Tottenham's record league win is 9–0 against Bristol Rovers in the Second Division on 22 October 1977.[76][77] The club's record cup victory came on 3 February 1960 with a 13–2 win over Crewe Alexandra in the FA Cup.[78] Spurs' biggest top-flight victory came against Wigan Athletic on 22 November 2009, when they won 9–1 with Jermain Defoe scoring five goals.[77][79] The club's record defeat is an 8–0 loss to 1. FC Köln in the Intertoto Cup on 22 July 1995.[80]


First team

Note: Flags indicate national team as defined under FIFA eligibility rules. Players may hold more than one non-FIFA nationality.

No. Position Player
1 France GK Hugo Lloris (captain)
2 England DF Kyle Walker
3 England DF Danny Rose
4 Belgium DF Toby Alderweireld
5 Belgium DF Jan Vertonghen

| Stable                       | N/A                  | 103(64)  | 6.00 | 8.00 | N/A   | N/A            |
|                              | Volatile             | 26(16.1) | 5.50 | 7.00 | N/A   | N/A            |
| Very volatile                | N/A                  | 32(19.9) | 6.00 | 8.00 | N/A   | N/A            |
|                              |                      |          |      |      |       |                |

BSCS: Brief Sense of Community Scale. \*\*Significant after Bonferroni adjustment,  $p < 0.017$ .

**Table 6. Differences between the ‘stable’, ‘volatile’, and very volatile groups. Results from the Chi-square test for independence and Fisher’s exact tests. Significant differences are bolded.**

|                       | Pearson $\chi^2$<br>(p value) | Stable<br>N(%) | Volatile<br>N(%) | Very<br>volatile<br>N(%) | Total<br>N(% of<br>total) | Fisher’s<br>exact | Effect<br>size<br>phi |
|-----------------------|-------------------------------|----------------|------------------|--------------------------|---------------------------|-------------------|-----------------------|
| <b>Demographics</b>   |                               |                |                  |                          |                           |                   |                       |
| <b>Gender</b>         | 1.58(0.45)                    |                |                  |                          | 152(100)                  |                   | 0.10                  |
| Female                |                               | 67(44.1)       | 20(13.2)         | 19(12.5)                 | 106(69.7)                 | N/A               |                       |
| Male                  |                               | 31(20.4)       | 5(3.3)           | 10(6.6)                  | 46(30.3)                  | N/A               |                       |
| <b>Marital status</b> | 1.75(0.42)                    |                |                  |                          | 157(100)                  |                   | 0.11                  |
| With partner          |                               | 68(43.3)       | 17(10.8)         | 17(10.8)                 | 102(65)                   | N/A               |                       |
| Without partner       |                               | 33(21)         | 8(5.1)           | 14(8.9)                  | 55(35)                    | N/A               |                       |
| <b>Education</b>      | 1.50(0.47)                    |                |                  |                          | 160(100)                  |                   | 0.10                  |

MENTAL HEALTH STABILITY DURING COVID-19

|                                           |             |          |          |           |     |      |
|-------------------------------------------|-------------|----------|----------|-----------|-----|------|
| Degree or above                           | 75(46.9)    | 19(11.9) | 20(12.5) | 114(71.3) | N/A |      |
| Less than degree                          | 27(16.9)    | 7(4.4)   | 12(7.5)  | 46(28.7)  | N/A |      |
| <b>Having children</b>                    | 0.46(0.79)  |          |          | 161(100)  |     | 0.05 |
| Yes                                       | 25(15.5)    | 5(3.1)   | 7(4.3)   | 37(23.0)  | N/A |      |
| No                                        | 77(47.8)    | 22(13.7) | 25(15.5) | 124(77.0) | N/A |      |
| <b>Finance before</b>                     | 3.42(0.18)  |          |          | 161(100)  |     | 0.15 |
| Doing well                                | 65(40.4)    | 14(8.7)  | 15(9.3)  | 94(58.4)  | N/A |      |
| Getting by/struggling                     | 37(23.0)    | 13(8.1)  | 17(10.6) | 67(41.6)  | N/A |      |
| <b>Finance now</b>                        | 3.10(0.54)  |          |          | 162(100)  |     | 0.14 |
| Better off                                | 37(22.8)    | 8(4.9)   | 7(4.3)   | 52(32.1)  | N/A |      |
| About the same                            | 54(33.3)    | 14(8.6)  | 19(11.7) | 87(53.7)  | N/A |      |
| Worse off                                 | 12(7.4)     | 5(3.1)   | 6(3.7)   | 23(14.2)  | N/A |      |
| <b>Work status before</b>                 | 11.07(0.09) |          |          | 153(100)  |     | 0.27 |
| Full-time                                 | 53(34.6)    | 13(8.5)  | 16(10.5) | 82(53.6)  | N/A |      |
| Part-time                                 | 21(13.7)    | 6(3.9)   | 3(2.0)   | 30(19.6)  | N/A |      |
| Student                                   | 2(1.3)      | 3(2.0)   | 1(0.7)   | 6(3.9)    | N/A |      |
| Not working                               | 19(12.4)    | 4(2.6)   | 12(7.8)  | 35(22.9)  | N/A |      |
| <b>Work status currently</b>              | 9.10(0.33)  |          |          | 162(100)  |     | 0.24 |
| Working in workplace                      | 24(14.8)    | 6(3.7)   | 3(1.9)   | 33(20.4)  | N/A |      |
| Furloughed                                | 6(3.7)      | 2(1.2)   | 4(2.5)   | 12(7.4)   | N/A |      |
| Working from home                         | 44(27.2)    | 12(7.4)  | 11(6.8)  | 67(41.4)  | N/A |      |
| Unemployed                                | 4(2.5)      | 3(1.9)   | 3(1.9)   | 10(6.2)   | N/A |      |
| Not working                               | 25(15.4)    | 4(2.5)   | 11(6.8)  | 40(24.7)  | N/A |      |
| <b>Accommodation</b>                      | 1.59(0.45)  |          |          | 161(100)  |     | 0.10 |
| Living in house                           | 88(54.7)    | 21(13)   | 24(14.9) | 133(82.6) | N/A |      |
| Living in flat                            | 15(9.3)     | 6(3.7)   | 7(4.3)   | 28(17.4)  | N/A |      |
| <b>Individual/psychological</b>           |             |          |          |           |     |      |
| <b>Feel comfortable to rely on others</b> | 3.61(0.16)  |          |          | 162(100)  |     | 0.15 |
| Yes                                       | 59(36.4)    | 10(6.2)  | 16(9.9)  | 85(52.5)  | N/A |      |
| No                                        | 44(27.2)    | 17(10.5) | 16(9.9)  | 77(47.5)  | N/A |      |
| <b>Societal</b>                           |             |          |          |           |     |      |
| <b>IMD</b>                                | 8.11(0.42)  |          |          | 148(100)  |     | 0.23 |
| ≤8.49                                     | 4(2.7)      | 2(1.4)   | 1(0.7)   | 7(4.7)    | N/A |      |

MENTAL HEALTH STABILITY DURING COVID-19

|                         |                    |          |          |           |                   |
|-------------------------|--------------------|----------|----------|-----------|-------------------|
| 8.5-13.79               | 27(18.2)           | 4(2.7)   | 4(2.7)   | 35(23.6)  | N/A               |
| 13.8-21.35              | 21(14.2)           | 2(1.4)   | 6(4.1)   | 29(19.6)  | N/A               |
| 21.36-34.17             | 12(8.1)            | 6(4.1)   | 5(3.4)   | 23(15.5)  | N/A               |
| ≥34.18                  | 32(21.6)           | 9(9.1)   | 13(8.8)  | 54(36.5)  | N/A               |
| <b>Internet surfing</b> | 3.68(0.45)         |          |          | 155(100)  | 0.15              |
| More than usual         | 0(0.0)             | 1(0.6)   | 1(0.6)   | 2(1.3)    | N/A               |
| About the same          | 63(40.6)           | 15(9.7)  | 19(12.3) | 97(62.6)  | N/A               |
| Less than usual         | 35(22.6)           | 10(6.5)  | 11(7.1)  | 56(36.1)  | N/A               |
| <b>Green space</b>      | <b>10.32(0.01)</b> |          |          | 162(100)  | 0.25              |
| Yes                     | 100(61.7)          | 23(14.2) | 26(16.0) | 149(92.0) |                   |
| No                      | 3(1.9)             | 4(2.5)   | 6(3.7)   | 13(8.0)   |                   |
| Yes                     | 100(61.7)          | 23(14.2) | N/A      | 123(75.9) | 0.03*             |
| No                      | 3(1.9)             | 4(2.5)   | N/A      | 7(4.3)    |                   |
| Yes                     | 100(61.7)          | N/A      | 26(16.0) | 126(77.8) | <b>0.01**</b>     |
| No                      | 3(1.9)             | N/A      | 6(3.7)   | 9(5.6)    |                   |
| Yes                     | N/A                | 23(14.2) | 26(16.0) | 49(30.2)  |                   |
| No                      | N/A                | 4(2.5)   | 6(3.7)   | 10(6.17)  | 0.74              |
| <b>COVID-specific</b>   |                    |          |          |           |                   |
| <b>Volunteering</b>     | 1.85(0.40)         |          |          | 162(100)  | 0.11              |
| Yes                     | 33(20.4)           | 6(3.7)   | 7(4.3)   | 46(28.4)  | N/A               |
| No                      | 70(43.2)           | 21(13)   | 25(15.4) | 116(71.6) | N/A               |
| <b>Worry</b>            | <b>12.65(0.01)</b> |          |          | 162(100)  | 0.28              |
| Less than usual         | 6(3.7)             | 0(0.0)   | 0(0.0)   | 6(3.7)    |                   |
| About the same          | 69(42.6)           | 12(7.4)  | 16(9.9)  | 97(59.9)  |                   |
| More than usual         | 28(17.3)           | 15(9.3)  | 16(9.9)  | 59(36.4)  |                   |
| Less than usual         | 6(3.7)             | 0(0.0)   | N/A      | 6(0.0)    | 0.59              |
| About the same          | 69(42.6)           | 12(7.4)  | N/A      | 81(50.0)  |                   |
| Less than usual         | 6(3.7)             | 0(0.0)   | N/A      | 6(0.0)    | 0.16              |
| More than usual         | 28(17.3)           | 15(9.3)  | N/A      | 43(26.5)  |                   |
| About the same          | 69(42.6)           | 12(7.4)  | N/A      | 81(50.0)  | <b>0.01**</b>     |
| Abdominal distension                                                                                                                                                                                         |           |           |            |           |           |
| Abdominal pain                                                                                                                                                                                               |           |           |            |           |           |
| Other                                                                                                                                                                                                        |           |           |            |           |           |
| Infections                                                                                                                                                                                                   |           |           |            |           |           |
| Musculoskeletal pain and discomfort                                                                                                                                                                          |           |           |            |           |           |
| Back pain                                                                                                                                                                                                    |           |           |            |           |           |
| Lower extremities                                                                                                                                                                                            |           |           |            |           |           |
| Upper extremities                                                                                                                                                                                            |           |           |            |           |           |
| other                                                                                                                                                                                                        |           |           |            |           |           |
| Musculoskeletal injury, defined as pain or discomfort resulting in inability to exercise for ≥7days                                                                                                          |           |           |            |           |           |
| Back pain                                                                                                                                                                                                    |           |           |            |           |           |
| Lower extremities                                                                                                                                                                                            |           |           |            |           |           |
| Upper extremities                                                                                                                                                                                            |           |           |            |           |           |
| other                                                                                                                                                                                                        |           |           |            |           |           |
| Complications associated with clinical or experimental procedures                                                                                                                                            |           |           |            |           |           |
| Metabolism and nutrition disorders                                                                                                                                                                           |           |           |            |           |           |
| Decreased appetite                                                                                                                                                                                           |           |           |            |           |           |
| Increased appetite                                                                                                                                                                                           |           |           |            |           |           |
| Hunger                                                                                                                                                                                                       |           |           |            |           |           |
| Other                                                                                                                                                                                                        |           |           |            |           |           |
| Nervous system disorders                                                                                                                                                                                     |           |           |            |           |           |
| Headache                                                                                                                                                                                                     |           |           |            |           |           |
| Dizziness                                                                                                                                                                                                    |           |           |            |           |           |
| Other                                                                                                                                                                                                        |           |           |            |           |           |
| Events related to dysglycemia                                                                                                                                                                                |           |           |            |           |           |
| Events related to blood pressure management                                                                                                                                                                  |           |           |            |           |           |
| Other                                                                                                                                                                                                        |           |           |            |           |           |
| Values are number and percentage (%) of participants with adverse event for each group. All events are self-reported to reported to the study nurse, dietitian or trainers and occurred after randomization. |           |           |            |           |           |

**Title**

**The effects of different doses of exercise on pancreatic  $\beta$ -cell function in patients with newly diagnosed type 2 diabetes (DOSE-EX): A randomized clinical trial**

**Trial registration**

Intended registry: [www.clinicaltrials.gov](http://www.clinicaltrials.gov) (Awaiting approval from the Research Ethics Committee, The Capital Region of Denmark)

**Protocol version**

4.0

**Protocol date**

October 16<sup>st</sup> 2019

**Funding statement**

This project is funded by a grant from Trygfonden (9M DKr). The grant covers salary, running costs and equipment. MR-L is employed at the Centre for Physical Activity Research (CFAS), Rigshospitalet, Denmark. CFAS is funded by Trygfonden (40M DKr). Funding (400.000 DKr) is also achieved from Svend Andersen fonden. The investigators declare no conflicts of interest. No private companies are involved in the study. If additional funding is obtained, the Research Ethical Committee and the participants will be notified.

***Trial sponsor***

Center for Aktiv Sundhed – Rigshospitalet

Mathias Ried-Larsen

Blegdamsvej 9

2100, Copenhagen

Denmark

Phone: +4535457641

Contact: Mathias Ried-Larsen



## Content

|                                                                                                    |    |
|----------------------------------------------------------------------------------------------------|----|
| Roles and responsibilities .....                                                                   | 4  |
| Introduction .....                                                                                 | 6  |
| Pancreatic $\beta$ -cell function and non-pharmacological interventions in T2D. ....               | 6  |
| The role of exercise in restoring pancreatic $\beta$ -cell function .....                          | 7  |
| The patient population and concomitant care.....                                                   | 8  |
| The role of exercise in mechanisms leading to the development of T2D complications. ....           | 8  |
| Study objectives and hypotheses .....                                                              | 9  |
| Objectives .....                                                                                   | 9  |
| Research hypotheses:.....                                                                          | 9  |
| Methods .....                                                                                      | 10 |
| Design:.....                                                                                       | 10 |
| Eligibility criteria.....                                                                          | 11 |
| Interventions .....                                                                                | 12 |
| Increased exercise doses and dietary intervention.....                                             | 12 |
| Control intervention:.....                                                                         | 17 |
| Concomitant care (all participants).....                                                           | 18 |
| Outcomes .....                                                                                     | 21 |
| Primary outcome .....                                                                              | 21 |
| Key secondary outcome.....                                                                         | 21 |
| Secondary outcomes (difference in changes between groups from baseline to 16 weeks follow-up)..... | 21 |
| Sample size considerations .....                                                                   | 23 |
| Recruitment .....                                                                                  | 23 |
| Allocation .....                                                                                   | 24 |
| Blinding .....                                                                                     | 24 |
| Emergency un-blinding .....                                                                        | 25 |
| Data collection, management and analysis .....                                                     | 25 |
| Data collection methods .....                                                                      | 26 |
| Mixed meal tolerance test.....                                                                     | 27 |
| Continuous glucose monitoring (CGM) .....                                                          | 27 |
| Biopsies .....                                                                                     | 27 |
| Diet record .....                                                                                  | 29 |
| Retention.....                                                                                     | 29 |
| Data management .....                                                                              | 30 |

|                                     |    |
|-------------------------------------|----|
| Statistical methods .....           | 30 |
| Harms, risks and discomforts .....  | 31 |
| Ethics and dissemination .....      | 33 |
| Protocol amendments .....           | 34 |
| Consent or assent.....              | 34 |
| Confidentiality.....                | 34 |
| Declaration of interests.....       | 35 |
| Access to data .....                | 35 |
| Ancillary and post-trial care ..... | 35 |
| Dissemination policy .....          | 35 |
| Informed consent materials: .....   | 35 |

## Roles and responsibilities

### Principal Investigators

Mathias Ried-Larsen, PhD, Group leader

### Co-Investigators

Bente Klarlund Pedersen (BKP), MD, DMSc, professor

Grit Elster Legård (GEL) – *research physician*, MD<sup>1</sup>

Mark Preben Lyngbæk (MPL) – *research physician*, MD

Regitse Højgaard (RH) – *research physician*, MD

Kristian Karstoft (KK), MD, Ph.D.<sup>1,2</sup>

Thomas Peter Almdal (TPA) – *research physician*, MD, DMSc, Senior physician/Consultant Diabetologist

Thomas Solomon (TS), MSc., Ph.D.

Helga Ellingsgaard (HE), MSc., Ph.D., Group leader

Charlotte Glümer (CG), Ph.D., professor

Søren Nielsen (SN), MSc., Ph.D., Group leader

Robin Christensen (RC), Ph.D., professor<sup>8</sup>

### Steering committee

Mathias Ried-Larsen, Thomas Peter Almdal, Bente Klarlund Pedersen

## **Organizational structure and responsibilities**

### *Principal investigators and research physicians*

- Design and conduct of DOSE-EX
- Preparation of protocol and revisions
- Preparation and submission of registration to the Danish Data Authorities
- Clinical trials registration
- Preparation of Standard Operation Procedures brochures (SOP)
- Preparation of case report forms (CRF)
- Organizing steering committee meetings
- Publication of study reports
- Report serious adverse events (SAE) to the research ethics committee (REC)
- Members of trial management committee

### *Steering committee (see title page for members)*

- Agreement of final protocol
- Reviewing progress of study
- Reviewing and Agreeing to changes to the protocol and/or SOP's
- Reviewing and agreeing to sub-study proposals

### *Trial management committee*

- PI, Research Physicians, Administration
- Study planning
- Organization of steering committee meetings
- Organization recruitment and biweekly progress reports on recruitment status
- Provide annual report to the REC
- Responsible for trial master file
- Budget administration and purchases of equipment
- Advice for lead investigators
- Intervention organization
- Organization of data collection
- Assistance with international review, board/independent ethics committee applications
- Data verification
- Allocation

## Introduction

7 South Korea FW Son Heung-min
9 Netherlands FW Vincent Janssen
10 England FW Harry Kane (vice-captain)
11 Argentina MF Érik Lamela
12 Kenya MF Victor Wanyama
13 Netherlands GK Michel Vorm
14 France MF Georges-Kévin N'Koudou
15 England MF Eric Dier
No. Position Player
16 England DF Kieran Trippier
17 France MF Moussa Sissoko
19 Belgium MF Mousa Dembélé
20 England MF Dele Alli
23 Denmark MF Christian Eriksen
25 England MF Josh Onomah
27 Austria DF Kevin Wimmer
28 England MF Tom Carroll
29 England MF Harry Winks
30 Spain GK Pau López (on loan from Espanyol)
33 Wales DF Ben Davies
38 United States DF Cameron Carter-Vickers

Out on loan

Note: Flags indicate national team as defined under FIFA eligibility rules. Players may hold more than one non-FIFA nationality.

No. Position Player
Argentina DF Federico Fazio (at Roma)